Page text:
A wide range of SAGEM Avionics' products are applicable to helicopter operations. These include autopilot systems, flight control management, integrated cockpit displays and condition and monitoring systems along with flight operations quality assurance software. Last year, the company provided significant avionics systems on the upgraded Erickson S-64F Aircrane helicopter. The makeover included SAGEM's solid-state digital avionics ICDS 2000 MFDs, the PA 155 automatic flight control system with a stability augmentation system and the F201 digital, solid state AHRS. Other products high on the company's technology scale are the FMS 5000 with GPS-505 navigator for rotorcraft. Most SAGEM systems are certified on Eurocopter models.

Sandel has just completed redefining the EHSI with its SN3500/TW EHSI/Terrain/Weather Series. According to the company, there is an application for its new EHSI on nearly every rotorcraft. The system provides the equivalent of a 4-in. display in a 3-in. instrument. This includes situational awareness by presenting compass, map, flight plan and radio magnetic indicator data in an easy to read format. It can include terrain information, gear and flap warnings and datalink weather. A selected feature is the NavData IFR flight plan and approach waypoints derived from a GPS-approved database.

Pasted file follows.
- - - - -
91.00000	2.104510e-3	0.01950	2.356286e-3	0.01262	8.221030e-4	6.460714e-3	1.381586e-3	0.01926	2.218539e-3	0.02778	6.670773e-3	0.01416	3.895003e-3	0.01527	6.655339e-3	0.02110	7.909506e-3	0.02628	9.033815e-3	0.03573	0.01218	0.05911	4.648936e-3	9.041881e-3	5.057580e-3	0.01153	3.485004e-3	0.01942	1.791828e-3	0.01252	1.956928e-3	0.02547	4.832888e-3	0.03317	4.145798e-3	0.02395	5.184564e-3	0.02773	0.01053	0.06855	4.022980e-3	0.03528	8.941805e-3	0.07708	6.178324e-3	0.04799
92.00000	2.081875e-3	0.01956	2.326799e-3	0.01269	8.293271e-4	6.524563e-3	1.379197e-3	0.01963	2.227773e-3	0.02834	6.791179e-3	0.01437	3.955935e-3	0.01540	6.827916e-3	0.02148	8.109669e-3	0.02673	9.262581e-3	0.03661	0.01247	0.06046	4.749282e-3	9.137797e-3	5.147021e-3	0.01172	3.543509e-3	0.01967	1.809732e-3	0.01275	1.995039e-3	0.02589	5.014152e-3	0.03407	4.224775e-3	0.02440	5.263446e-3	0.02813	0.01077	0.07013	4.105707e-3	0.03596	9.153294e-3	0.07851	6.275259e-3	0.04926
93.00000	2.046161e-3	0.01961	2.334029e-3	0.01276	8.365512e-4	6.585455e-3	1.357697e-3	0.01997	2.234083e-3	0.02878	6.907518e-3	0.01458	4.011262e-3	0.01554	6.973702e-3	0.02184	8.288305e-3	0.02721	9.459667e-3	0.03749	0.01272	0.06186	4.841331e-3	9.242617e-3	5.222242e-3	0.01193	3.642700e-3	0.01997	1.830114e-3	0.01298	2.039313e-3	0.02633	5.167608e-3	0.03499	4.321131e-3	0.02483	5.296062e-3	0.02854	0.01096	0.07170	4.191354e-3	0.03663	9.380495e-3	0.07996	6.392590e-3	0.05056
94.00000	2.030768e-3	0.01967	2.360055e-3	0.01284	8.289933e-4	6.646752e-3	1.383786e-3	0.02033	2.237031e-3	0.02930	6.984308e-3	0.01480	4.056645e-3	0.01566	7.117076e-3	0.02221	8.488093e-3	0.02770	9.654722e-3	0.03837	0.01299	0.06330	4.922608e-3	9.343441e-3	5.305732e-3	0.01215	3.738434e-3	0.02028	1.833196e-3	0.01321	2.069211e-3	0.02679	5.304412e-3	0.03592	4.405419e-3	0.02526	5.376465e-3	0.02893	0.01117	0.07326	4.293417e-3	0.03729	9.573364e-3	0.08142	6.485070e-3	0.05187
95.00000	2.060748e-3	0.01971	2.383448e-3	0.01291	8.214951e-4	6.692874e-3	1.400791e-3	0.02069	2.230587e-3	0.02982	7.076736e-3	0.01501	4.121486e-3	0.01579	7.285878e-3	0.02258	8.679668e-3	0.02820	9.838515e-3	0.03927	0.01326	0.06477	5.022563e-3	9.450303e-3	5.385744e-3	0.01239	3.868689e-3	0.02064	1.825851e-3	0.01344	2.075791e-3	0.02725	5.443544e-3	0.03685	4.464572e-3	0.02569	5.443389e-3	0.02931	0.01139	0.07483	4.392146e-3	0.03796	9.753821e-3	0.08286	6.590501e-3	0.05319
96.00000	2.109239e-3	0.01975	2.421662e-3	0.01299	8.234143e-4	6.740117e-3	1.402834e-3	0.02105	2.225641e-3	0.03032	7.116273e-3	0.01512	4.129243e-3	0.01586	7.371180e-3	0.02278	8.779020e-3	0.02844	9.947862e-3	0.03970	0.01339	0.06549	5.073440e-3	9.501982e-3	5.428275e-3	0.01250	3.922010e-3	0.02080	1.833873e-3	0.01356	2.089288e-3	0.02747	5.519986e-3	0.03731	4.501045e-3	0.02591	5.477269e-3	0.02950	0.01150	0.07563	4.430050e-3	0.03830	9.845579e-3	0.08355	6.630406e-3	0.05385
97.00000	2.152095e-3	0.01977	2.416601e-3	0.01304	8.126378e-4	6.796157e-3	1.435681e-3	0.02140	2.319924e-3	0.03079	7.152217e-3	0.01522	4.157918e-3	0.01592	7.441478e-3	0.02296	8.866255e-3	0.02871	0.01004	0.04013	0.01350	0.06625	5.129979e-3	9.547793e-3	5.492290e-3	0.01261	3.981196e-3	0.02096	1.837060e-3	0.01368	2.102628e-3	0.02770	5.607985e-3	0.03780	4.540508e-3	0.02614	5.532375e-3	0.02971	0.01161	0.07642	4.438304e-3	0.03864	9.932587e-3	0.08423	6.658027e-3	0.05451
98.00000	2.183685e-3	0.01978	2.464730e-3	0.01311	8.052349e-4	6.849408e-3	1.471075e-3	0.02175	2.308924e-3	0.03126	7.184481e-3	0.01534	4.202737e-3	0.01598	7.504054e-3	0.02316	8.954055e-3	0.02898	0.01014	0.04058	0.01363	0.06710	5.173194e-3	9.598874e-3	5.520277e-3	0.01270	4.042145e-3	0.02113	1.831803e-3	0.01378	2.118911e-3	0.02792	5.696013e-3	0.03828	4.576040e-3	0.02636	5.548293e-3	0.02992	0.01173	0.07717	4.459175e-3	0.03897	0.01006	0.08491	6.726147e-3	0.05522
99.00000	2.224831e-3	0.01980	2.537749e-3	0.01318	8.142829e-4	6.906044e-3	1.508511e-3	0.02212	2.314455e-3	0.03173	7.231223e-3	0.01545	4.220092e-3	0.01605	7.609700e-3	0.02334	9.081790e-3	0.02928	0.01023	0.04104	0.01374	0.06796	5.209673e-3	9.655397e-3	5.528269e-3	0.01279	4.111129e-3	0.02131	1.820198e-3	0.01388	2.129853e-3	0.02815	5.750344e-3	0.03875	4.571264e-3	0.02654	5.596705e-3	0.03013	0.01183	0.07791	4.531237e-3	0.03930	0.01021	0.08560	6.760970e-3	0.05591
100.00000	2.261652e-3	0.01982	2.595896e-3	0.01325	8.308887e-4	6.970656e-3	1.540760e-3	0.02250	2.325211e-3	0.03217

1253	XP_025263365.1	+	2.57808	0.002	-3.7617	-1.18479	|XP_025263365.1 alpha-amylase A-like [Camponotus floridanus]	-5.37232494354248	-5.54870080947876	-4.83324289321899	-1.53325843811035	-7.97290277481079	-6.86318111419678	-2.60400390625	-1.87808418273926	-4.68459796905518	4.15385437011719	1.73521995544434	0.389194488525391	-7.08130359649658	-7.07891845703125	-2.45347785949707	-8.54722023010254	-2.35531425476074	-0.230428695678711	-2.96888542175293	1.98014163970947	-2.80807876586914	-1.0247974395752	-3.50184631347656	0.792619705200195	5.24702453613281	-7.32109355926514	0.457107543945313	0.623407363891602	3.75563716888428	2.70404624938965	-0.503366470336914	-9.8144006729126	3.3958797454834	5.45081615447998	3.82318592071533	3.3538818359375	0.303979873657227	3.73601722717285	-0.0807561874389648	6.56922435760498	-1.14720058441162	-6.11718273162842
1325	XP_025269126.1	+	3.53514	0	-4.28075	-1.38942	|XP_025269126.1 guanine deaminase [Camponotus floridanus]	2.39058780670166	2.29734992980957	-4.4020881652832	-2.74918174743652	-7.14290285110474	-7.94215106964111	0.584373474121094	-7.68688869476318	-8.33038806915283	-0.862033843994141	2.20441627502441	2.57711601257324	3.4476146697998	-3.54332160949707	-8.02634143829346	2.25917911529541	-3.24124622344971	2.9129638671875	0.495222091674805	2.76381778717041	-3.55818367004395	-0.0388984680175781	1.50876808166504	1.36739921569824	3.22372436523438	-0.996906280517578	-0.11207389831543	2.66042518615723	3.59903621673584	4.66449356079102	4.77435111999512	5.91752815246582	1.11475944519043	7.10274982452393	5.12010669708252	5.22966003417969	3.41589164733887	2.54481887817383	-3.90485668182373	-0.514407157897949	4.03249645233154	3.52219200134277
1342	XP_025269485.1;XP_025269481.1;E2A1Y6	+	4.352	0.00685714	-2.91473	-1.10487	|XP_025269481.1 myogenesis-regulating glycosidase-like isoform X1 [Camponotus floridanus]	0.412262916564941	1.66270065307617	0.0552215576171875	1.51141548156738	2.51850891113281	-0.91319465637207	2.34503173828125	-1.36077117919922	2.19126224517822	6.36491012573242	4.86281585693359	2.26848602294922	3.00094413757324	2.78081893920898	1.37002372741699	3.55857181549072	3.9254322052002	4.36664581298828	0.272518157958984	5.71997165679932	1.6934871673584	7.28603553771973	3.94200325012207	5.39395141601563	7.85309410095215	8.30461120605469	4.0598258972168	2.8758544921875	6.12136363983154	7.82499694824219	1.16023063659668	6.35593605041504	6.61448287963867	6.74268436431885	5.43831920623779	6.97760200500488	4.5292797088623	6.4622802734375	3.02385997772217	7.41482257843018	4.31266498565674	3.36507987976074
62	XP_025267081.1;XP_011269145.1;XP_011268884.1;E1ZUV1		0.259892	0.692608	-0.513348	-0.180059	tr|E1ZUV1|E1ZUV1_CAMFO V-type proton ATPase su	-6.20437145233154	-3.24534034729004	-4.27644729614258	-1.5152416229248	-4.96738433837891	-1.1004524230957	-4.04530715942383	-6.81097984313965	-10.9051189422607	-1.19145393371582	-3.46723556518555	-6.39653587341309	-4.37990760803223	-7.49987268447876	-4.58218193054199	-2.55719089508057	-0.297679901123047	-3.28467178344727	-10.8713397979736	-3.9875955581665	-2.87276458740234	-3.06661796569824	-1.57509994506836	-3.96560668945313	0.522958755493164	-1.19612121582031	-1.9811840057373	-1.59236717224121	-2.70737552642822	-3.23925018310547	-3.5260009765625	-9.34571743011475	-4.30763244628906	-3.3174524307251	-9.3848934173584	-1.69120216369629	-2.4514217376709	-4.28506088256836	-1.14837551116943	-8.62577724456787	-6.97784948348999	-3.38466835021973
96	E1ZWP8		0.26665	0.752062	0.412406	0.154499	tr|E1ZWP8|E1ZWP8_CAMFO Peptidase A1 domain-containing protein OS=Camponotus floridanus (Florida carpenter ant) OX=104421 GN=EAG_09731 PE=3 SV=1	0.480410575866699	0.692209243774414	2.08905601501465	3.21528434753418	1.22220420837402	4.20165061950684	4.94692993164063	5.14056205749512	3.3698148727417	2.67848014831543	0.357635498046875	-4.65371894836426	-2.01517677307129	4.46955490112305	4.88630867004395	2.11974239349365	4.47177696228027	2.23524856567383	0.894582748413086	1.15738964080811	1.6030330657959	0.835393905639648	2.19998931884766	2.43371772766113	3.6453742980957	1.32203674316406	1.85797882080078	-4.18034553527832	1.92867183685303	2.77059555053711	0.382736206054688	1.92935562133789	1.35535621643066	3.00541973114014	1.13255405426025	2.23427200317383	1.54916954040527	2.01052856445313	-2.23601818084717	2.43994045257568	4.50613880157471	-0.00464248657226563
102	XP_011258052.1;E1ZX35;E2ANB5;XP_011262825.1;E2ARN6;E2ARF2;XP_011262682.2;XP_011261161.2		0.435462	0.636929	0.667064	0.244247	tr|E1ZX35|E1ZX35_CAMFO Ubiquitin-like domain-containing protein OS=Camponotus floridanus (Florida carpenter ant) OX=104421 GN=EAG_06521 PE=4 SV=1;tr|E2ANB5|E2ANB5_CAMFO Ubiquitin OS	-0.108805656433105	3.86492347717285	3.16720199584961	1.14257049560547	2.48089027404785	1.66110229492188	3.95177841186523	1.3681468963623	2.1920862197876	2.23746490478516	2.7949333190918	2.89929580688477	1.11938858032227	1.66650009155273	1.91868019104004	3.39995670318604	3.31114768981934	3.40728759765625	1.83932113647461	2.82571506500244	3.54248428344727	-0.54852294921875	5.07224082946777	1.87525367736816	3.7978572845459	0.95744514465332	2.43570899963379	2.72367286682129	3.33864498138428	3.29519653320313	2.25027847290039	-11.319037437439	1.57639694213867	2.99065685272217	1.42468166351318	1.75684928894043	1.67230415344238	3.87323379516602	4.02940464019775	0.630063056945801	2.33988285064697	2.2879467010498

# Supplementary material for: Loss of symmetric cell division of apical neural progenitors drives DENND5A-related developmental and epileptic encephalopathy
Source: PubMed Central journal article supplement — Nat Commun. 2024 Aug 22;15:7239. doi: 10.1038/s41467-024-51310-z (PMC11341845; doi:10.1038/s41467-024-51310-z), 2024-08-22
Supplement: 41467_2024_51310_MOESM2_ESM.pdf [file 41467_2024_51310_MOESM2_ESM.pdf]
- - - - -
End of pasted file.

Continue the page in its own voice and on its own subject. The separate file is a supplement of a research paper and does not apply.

Universal is focusing its efforts on flight management. Its 2005 plans include its new Super Flight Management System (SFMS), designed to provide the capability to fly all procedures from takeoff to touchdown. SFMS, according to the company, includes precise navigation, the latest advances in LCD technology, larger processor and memory capacity. Universal said the new system is its growth path to the future with RNP/ANP, Integral GPS, WAAS, LAAS, Datalink Communications and TAWS. In addition, Universal is presenting its version of the EFB at Anaheim.

Satellite-phone based communications and flight-tracking systems and services continue to make headway in offshore markets and now are gaining ground with EMS operators.

BlueSky Network at Heli-Expo will unveil a new, lower-priced advanced control head for use with its D1000C modem and a new display device that together permit use of short-code messaging between aircraft and dispatchers and others on the ground. This allows text messaging and voice communications through the service, which BlueSky Network President Jon Gilbert said should be useful to offshore operators seeking more efficient communications with aircraft.

Sky Connect recently won business from MedSTAR Transport, which is equipping its three EC135s and one BK117 with Sky Connect satellite terminals and TRACKER systems to enhance air-to-ground communications. The systems are designed to provide auto-tracking and voice communications with the aircraft through the Iridium satellite network. MedSTAR Transport serves the Baltimore-Washington, D.C. metropolitan area.

"Sky Connect gives us both an automated tracking solution for our helicopters and economical satellite voice communications," said Christopher Wuerker, medical director of MedSTAR Transport.